This past August, the Lower Mainland Conservation Field Crew broke ground (or perhaps more fittingly, broke water) on a new restoration project at The Nature Trust’s Wells Sanctuary property. Wells Sanctuary conserves a portion of Luck-A-Kuck Creek, a salmon-bearing creek that runs through the city of Chilliwack.
The Crew’s goal was to remove invasive plants that were so overgrown within and beside the creek that they slowed the flow of water and created a build-up of fine sediment on the normally gravel bottom. Since Salmon prefer gravel substrate for spawning, restoring the conditions in the creek that naturally retain and sort gravel will improve reproductive success for these species. Coho and Chum Salmon fry have been observed at this site by locals and the crew since 2015. But Salmon stock has been declining over time, and restoring their gravel habitat for spawning could be a crucial component in stabilizing their populations.
Entering an ecosystem to perform restoration can have unintended consequences, so work must be done beforehand to determine the viability of the project and mitigate any potential risks. This included careful planning, applying for permits and assessing the ecosystem. Although this preliminary work can seem taxing, the reward is long lasting as well as fulfilling!
Once the permit and assessments were completed for Luck-A-Kuck Creek, the Lower Mainland Crew was free to launch into the more hands-on part of the project. Clad in waders and brightly coloured rubber gloves, the Crew stepped into the creek to begin the long process of hand pulling the thick mats of invasive species that had been choking the stream for years. The invasive plants were the usual suspects: Water Mint, Reed Canary Grass, Purple Loosestrife, Himalayan Blackberry and Yellow Flag Iris.
Over the course of three weeks, more than 15 trips to the local green waste dump, and with the help and guidance from the South Coast Conservation Land Management Program (SCCLMP) Crew, the team worked hard to create a two-meter-wide, continuously flowing channel through The Nature Trust’s protected section of Luck-A-Kuck Creek. Their methods involved hand pulling and sawing away at the tick mats of invasive species. They even took a canoe ride to reach the deeper waters!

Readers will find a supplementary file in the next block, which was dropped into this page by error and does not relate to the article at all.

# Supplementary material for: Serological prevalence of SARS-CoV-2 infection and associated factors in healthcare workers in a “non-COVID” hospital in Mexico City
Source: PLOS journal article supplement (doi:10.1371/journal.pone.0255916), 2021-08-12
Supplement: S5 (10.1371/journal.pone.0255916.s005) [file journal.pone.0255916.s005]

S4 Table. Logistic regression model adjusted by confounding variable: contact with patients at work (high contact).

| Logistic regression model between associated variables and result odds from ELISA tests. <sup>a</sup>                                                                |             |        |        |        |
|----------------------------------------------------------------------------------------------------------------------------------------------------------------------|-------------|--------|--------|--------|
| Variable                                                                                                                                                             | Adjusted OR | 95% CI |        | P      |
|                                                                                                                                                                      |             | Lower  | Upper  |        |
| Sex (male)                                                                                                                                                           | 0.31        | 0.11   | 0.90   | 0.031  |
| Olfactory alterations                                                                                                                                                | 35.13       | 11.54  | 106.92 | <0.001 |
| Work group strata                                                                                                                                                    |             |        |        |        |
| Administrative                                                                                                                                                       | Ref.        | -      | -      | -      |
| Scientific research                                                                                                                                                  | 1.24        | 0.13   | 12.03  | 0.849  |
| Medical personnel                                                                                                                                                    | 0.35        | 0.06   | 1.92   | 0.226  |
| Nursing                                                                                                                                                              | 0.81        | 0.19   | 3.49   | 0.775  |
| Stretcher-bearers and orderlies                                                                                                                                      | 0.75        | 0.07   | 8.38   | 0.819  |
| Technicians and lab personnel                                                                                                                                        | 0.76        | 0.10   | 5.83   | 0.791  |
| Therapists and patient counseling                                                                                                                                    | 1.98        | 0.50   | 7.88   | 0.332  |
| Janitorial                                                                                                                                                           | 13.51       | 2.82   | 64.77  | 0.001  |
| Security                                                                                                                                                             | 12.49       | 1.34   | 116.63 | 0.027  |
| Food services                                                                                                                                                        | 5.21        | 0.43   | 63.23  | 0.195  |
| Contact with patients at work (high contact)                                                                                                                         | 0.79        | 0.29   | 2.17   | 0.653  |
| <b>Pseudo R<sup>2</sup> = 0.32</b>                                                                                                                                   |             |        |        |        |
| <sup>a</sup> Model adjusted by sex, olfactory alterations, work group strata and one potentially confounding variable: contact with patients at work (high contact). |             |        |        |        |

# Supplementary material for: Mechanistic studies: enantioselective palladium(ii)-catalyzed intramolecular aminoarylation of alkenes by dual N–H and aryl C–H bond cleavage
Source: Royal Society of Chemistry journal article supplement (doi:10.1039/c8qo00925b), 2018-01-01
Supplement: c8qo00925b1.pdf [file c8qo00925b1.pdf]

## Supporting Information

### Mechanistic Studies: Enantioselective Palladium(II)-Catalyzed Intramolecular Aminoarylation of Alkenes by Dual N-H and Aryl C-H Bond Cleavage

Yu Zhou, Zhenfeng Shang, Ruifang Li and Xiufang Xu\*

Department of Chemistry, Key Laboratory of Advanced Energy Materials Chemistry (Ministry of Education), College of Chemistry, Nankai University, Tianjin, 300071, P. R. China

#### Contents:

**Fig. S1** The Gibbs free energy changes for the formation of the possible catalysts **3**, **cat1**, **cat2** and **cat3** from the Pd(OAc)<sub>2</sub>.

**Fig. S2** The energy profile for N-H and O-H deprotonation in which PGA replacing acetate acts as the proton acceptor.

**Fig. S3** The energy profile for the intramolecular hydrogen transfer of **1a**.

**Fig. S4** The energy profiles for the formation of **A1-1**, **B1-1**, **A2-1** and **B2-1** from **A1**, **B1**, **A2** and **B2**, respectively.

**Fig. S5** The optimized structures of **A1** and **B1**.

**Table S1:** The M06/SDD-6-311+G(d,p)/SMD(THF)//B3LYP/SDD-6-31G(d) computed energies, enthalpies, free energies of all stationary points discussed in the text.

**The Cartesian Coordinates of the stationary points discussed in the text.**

The Crew also installed benthic mats which specifically target Yellow Flag Iris, an invasive plant that can be especially detrimental since it forms dense thickets that outcompete native species and displace wildlife. In Luck-A-Kuck Creek, these compact Iris systems have been reducing the water flow and contributing to the build-up of silt on the stream’s gravel bottom. The Crew is hopeful that this method of management will keep Yellow Flag Iris from returning in the future, and are looking forward to checking the progress next Spring.
Through the long and arduous work, the Crew noticed it wasn’t all rebellious invaders inhabiting Luck-A-Kuc Creek. While ankle to chest deep in the stream, they observed native species such as Signal Crayfish, Freshwater Lamprey, Northwestern Salamander, and Pacific and Sitka Willow. These sightings motivated the Crew, showing all the species that could benefit from the restoration of the Luck-A-Kuck Creek ecosystem. It was especially rewarding when the Crew realized that their progress was being observed by two Barred Owls hunting for Crayfish by the stream!
The Luck-A-Kuck Creek restoration project was unquestionably a highlight for the Lower Mainland’s summer Crew. With their hard work, gravel beds were uncovered and a continuous, flowing channel was restored, ultimately improving the stream’s habitat for future spawning Salmon.
A big thank you for all the support from the SCCLMP team at Ducks Unlimited, Steve Clegg with The City of Chilliwack, Parr Road Green Depot and the Wells Sanctuary Society.